I’ve been a little bit quiet in the last few weeks, as I’ve been trying to do some ‘real’ work; to write less erratically and shake off the thick-tongued slowness that comes with cramming my brain with nappies, pureed vegetables and winding the sodding bobbin up. It’s made me realise that juggling it all is going to be challenge. I’d even started writing another blog about the joys of being able to ditch your baby (more on that another time), but with my, however feeble, attempt at rejoining the working world and the sudden realisation that it’s now December and my maternity leave is drawing to an end, it didn’t really feel right.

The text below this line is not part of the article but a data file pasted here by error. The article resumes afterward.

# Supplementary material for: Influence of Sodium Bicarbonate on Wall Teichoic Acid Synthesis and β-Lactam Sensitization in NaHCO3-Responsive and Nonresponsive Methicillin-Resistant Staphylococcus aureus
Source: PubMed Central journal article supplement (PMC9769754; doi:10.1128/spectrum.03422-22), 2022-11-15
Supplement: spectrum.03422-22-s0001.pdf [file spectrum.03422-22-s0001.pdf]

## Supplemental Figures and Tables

I’d always planned to go back to work in January. “You’ll be so ready to get back to the real world by then!” people trilled. I’ve been asked over and over again how I feel about it; so much so, that I can feel myself wheeling out the same old tired phrases: “I want my daughter to know that Mummy’s job is just as important and valid as Daddy’s.” “I don’t want her to think that my life stopped because I had her.” “I’m a feminist. We’ve been taught we can have it all.” “I’m not ready to give up my career yet.” Yada yada yada. And I believe it, I really do, but the deliciously snug safety blanket of time protected me from the emotional complexities of any of those words. I’ve not really had to process my decision yet – until now. Now it is December. Which means I’ll be back at work in less than a month and my teeny tiny (though she isn’t, not anymore) baby will be at nursery full time. I want to hide behind a joke and say I’ve not felt this conflicted since the 1998 Spice Girls Christmas song (I wanted to like it, I really did, but the talking bits are just screw-your-face-up-and-hide cringe – and of all the Christmas songs you could have chosen…) but the reality is I’ve never felt this conflicted about anything. Ever. And it was only when my skin broke out like a sulky teenager and I got my third, wincingly sore mouth ulcer in the space of a few days, that I realised my body was yelling at me to stop hiding behind empty platitudes and to acknowledge what was happening.